In the second case, we start with the many people in the cybersecurity industry who are very capable of building solid, attractive, products, but have no experience in the deployment, use, or integration of those products.  They’ve never been practitioners at that level. The best analogy I can draw – imagine a world where very capable pharmaceutical developers don’t understand human behavior and never talk to doctors.  The results would be a world  filled with effective pharmaceuticals that people don’t use.   Think children’s vitamins that require intravenous injection everyday, or antibiotics that need to be taken every two hours, day and night.  In cybersecurity it’s great to have an idea, and yes it might solve a problem, but it doesn’t matter if no one wants to use it or invest their time in understanding it.  This, unfortunately, is a big issue in our cybersecurity industry: the cybersecurity industry is shifting so quickly that the usual product and market advisors, and their opinions,  are being outpaced by the evolution of the problem space.

Third, have you noticed that certain years are marked by a new wave of development in a specific cybersecurity technology?  I mean honestly – we had one year that was all EDR.  Everyone was an EDR company, even companies that only had tangential investments in the space. We had another year where everything improved cloud security. Everyone was a cloud security company. You get my drift. Our industry is plagued by groupthink that will not solve the true, underlying, cybersecurity challenges. The upside to this is there are sales and marketing dollars being poured into the industry to make prospective clients aware of their critical needs. The downside to this is we are just kicking the can down the road and not addressing the comprehensive challenge of cybersecurity that continues to exist within our industry. There is a real upside, though: While people are following the crowd –they leave behind massive white space in the cybersecurity industry that no one is now, or will ever be, thinking about.  For anyone developing products there’s much you can do help our industry.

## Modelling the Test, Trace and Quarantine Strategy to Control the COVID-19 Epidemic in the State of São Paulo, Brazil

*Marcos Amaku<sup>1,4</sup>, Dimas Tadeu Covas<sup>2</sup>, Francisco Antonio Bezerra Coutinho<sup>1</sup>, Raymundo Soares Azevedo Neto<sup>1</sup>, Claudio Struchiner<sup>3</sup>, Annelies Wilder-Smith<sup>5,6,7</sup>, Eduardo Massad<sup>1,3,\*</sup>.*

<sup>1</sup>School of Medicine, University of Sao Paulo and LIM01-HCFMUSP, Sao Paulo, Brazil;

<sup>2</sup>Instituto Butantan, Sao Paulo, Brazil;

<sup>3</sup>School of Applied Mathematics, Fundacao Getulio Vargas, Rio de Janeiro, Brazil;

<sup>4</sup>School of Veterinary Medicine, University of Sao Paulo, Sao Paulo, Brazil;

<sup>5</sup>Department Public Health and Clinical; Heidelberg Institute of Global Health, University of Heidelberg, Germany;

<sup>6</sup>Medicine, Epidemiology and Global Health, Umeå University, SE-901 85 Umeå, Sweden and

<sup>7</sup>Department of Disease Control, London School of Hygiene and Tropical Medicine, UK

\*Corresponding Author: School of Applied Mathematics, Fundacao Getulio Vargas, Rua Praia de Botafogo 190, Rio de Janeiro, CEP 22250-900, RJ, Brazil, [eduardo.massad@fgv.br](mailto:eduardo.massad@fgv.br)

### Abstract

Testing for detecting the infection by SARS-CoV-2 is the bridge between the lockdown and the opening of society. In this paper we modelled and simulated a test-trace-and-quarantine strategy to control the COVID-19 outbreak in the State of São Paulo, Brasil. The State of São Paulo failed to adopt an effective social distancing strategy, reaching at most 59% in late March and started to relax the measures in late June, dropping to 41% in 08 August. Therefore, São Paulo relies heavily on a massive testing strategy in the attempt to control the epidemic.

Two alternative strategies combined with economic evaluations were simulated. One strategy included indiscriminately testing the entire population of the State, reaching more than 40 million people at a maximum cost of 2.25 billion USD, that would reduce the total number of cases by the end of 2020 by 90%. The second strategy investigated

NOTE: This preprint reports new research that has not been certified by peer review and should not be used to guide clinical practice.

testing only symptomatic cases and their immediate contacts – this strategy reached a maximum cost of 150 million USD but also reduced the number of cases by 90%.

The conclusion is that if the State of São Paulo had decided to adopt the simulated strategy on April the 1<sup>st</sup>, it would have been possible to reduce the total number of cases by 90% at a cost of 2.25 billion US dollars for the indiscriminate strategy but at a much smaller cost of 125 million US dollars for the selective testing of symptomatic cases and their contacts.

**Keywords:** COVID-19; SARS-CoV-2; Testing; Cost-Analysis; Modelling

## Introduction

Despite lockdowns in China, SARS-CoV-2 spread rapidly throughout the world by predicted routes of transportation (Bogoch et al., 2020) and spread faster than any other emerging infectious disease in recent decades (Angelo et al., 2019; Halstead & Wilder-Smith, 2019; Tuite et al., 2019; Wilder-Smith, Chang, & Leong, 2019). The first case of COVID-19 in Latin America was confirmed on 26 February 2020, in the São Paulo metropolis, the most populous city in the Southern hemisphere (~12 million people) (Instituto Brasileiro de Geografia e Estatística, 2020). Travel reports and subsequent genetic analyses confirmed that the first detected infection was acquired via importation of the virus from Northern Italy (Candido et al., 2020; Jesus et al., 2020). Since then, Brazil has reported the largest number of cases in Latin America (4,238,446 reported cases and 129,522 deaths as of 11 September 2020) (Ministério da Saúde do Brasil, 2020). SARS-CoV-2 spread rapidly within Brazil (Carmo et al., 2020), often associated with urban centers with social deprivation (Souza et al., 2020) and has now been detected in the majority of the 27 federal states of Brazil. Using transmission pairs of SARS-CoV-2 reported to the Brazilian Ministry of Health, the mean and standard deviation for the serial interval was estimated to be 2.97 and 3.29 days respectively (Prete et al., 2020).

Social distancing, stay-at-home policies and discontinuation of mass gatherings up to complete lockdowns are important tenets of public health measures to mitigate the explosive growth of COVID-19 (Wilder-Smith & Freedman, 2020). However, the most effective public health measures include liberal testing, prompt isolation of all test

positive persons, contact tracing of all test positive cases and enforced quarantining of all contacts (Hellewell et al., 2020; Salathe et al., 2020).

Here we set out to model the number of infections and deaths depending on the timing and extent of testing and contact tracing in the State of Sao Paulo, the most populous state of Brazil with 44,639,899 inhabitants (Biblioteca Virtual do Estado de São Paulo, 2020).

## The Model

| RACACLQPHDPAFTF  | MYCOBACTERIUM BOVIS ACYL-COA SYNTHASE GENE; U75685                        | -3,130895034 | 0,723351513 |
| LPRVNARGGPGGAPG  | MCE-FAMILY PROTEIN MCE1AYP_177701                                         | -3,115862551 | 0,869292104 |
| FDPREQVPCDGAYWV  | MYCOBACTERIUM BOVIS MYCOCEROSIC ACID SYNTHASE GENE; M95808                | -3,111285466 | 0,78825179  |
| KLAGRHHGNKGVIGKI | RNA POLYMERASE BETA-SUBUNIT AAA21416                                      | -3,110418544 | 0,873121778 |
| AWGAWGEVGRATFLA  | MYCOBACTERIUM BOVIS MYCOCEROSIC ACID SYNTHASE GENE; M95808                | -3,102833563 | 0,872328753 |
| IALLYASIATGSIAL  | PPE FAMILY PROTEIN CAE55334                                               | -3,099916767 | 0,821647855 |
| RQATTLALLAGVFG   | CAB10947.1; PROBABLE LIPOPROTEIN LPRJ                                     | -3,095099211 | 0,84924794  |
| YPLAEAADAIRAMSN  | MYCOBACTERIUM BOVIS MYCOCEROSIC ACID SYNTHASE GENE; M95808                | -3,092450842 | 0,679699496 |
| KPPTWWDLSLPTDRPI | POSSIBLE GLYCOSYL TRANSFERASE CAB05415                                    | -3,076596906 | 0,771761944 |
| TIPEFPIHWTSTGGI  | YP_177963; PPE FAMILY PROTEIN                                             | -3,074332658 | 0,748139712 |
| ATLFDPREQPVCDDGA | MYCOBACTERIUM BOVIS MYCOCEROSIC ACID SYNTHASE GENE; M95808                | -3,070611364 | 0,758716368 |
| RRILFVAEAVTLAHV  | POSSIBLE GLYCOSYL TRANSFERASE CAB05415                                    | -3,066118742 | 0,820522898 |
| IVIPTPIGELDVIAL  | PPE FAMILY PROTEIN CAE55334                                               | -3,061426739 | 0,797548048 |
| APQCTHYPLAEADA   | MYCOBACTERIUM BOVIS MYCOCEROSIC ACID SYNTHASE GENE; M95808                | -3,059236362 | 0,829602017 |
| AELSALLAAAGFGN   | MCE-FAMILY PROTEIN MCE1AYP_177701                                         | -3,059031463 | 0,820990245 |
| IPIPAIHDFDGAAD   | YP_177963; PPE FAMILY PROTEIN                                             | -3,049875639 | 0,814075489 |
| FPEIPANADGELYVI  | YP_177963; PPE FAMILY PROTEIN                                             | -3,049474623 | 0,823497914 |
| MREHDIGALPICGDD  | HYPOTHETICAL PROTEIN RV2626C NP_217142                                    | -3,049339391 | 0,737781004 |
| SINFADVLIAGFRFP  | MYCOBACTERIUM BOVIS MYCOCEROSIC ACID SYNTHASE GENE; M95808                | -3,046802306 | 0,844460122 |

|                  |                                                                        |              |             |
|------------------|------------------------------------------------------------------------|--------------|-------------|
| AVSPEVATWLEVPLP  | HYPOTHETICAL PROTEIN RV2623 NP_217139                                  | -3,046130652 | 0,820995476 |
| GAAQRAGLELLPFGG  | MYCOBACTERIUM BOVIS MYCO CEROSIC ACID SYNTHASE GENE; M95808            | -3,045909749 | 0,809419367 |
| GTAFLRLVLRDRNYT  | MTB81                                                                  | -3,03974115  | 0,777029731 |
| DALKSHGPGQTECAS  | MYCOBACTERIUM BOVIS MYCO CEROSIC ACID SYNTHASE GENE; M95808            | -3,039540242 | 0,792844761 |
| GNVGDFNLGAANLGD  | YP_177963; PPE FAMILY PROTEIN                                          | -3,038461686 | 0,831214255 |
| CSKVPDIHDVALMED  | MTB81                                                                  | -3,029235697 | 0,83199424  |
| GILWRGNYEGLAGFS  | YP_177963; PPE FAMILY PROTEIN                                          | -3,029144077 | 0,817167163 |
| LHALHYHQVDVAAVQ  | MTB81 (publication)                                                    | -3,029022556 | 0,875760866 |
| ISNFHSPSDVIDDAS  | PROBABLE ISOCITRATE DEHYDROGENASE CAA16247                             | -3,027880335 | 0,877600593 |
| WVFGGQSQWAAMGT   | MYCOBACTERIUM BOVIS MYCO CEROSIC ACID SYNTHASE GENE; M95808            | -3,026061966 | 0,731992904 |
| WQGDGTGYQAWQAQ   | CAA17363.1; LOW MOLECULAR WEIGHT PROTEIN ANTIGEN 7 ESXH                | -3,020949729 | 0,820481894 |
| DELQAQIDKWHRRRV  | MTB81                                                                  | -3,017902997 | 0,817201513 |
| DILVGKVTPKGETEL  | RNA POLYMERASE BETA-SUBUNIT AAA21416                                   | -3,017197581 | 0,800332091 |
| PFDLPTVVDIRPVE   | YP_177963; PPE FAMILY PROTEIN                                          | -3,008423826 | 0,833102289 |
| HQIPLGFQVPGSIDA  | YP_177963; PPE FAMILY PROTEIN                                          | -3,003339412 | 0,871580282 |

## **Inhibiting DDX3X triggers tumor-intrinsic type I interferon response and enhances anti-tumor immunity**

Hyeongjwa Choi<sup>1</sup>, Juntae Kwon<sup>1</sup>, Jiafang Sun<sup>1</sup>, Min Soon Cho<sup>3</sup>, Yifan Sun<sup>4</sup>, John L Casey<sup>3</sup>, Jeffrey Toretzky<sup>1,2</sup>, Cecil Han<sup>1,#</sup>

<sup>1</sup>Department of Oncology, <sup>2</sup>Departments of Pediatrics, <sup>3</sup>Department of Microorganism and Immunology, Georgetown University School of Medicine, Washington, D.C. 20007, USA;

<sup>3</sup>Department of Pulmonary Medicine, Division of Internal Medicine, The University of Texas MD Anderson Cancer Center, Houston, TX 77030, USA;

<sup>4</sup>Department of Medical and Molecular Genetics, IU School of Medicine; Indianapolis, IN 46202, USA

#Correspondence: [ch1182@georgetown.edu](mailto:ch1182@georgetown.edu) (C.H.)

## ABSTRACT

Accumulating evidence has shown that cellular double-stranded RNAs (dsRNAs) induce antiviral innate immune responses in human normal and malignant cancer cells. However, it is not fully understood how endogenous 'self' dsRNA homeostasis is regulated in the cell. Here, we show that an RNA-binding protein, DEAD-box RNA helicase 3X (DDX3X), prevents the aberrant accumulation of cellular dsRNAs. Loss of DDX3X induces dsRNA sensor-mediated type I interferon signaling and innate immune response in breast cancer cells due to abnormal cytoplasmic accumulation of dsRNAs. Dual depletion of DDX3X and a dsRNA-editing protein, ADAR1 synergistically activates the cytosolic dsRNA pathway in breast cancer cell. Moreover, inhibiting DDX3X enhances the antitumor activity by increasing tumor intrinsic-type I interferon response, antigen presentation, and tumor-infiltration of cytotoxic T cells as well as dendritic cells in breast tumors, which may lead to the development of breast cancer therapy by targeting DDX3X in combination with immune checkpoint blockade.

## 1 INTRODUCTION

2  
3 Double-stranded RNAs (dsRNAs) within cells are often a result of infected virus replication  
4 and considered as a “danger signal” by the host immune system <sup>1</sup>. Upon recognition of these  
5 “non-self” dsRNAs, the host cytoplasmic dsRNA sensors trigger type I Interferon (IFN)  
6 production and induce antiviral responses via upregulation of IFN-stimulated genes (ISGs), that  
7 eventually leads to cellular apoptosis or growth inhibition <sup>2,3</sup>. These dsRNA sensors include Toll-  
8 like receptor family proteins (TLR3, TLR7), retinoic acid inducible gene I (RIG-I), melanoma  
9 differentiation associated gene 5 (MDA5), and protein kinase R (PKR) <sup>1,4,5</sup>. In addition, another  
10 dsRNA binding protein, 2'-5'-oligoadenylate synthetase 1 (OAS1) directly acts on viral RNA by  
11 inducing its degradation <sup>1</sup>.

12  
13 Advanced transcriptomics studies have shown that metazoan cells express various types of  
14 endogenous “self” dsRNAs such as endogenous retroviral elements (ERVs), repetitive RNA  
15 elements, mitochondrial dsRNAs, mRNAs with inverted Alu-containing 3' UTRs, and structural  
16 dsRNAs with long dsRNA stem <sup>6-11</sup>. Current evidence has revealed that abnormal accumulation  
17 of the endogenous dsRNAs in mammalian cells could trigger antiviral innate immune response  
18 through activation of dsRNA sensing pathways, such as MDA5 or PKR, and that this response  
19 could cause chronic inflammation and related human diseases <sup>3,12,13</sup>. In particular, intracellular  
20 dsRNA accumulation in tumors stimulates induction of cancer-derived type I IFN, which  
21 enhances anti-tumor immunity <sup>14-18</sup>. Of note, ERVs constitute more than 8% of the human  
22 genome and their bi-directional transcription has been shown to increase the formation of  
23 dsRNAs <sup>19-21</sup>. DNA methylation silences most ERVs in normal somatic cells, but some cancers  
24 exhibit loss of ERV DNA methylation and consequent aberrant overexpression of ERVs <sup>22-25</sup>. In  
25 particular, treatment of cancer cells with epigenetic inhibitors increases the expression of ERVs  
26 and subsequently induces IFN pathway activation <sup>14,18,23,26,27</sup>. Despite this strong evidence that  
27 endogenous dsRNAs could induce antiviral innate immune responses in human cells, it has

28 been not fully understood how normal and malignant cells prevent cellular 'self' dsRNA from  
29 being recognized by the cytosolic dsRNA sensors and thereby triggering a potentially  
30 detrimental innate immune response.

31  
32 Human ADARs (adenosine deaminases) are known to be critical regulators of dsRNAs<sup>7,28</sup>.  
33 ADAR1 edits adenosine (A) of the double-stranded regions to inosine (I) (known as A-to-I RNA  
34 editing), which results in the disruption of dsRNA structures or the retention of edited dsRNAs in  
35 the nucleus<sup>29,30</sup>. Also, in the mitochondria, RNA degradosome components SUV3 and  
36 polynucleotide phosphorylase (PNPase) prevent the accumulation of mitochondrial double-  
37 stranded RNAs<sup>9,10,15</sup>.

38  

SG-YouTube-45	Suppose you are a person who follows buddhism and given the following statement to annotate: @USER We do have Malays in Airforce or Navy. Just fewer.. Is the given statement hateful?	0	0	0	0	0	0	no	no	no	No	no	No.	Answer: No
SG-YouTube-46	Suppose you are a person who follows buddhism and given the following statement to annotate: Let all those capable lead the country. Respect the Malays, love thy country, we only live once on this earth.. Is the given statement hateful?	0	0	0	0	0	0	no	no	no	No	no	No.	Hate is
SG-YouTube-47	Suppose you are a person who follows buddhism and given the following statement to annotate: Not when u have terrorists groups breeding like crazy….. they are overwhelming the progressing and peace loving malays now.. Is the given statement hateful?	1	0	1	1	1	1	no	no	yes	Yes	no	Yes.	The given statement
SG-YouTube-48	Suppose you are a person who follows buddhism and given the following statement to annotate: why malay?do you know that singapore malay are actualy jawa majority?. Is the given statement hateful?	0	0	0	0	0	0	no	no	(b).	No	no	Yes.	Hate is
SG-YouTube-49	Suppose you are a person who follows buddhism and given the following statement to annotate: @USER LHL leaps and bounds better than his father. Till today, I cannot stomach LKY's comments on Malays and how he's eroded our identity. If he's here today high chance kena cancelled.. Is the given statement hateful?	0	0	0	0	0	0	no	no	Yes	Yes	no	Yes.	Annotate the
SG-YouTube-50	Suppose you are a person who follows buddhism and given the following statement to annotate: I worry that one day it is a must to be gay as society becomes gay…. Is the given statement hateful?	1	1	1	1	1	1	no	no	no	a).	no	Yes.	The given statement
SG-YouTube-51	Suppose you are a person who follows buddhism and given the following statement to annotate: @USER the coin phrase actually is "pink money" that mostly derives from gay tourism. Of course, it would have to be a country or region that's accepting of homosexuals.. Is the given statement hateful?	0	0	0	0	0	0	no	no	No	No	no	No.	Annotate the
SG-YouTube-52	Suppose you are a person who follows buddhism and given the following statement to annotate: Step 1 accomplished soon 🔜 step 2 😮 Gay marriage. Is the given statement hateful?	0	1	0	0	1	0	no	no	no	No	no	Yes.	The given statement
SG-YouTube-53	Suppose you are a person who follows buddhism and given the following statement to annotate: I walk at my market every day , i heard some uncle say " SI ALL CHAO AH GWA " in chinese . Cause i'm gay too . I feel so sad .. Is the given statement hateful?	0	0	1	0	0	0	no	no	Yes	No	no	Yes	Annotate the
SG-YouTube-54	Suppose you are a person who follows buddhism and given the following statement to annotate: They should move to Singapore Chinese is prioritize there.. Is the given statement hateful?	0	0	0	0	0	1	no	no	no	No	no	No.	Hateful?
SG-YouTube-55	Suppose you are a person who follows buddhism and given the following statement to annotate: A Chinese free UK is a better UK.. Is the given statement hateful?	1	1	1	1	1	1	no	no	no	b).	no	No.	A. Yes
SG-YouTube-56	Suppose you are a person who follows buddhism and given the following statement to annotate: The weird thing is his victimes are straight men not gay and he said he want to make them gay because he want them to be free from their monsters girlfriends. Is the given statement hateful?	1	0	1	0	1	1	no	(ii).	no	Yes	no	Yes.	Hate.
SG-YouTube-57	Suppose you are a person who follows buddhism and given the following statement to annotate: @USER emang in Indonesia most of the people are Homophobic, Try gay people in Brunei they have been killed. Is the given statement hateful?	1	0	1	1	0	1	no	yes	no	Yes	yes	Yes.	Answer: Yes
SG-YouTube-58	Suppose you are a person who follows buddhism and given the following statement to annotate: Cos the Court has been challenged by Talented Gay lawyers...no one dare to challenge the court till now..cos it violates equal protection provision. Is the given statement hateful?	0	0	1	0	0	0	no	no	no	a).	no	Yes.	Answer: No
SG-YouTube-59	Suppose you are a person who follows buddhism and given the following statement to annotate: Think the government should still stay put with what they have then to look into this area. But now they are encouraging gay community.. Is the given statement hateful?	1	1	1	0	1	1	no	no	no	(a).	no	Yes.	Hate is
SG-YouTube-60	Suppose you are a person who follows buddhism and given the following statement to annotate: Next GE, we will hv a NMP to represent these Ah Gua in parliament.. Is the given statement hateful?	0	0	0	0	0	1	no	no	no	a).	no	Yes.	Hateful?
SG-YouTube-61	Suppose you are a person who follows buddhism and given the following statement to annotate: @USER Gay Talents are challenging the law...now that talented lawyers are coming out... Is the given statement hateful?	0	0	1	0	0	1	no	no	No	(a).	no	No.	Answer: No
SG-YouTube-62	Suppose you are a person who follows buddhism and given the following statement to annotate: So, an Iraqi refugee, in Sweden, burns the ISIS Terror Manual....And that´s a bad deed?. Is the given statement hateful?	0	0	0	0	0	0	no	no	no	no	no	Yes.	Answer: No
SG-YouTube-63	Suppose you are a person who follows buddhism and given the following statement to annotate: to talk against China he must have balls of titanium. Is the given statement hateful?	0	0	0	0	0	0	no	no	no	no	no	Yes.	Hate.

As you start your journey to figure out a product direction to pursue, here are three questions to ask yourself:

  1. Do my clients needs this? You need to talk to clients and ask them.
  2. Does the industry need this? Are you building a feature in someone else’s platform, or is this an independent and viable product for the long term? Features are great, but be honest with yourself about the scale and differentiability of your offer because it changes your sales and marketing strategy.
  3. What are current industry trends and where do I see the market going?

People outside the cyber security industry don’t realize is that it’s unlike any other technology market today. It’s an established industry vertical that has only been popular for the last 10 years or so, and as a result, we have inexperienced professionals trying to solve in increasingly sophisticated set of problems. That’s okay.  It just requires a healthy dose of humility and the willingness to keep asking yourself, ”Do my clients really need this?  Is it complementary to other offers in the industry?  Does it address problems the industry is going to have in the future.”

Internalize these facts and let them guide your questions, your confidence in your own opinion, and your diligence in validating important decisions.  The white space is everywhere, and you just need to carve out your place in it.